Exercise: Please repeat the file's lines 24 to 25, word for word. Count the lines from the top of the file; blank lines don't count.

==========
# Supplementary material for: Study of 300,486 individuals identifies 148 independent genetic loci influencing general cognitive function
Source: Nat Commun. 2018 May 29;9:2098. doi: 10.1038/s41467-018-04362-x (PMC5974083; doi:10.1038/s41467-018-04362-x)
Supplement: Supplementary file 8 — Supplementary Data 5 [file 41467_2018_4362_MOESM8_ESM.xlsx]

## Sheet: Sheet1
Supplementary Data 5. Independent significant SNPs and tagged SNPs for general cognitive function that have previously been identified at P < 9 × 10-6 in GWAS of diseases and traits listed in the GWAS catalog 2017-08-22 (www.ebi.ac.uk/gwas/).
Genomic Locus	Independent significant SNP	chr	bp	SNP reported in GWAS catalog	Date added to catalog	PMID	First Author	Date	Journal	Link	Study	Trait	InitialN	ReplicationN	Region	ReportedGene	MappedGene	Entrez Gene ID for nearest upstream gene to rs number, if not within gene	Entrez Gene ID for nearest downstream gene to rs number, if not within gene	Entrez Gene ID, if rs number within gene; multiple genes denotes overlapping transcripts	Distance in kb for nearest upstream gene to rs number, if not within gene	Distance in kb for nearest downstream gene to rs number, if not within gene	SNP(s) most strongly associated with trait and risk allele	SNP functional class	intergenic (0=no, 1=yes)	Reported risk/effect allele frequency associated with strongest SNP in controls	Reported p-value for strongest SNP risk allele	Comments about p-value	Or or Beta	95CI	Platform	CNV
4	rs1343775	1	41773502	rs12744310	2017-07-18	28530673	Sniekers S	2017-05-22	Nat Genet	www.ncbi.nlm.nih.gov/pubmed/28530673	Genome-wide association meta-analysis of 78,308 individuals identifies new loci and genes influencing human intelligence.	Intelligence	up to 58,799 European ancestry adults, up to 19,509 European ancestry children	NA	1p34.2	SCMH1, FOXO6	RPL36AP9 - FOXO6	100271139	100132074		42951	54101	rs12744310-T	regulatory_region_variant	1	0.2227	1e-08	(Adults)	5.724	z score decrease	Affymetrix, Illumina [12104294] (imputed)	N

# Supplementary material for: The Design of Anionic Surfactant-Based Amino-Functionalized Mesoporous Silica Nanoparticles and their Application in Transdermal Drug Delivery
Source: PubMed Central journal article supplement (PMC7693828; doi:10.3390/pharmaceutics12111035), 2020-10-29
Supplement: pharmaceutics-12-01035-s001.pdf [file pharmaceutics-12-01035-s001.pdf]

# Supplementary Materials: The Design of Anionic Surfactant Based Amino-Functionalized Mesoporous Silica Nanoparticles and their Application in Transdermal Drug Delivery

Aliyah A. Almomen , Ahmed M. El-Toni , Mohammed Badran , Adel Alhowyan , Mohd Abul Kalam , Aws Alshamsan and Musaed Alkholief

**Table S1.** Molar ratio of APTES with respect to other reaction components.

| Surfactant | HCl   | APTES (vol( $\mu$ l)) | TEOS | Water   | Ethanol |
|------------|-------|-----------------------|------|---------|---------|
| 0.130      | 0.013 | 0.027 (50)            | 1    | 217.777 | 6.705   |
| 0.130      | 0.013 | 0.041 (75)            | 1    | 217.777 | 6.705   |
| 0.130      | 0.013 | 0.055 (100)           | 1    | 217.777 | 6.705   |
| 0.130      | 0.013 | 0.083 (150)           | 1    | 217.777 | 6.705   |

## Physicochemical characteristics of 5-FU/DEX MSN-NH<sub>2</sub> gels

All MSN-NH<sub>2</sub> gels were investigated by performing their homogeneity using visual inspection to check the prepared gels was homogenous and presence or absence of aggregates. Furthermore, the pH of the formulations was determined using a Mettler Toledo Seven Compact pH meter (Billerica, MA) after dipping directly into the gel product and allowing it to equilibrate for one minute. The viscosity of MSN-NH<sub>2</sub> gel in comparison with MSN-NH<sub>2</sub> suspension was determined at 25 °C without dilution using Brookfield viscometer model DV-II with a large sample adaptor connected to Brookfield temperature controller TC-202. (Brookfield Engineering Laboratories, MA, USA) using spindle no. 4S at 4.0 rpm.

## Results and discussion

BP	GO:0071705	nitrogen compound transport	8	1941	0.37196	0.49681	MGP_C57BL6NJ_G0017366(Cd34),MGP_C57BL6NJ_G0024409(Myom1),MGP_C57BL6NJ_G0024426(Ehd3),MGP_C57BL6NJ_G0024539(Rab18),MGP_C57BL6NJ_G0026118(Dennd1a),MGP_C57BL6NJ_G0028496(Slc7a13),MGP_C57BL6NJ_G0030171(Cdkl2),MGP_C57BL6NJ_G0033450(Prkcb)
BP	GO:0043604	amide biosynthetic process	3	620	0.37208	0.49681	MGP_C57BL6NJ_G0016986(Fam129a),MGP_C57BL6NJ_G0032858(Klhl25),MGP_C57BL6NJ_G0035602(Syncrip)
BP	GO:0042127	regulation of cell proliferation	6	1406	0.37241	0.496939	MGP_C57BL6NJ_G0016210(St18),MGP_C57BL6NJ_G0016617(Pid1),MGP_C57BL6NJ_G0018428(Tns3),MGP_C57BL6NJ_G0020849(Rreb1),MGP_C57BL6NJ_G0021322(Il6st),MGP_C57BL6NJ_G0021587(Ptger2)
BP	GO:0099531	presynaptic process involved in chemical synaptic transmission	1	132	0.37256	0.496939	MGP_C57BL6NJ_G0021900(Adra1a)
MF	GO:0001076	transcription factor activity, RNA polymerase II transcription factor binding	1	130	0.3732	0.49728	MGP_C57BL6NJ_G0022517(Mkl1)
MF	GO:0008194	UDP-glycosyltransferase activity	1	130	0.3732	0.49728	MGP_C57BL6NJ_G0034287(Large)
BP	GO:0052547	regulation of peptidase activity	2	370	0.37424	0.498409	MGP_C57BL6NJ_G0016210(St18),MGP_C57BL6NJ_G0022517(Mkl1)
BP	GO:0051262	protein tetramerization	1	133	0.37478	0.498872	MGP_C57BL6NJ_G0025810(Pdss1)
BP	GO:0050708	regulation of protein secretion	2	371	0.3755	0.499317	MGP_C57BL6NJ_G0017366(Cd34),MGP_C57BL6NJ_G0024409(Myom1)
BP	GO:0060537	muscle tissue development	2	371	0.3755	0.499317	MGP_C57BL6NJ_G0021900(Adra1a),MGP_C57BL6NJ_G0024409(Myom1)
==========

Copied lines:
BP	GO:0043604	amide biosynthetic process	3	620	0.37208	0.49681	MGP_C57BL6NJ_G0016986(Fam129a),MGP_C57BL6NJ_G0032858(Klhl25),MGP_C57BL6NJ_G0035602(Syncrip)
BP	GO:0042127	regulation of cell proliferation	6	1406	0.37241	0.496939	MGP_C57BL6NJ_G0016210(St18),MGP_C57BL6NJ_G0016617(Pid1),MGP_C57BL6NJ_G0018428(Tns3),MGP_C57BL6NJ_G0020849(Rreb1),MGP_C57BL6NJ_G0021322(Il6st),MGP_C57BL6NJ_G0021587(Ptger2)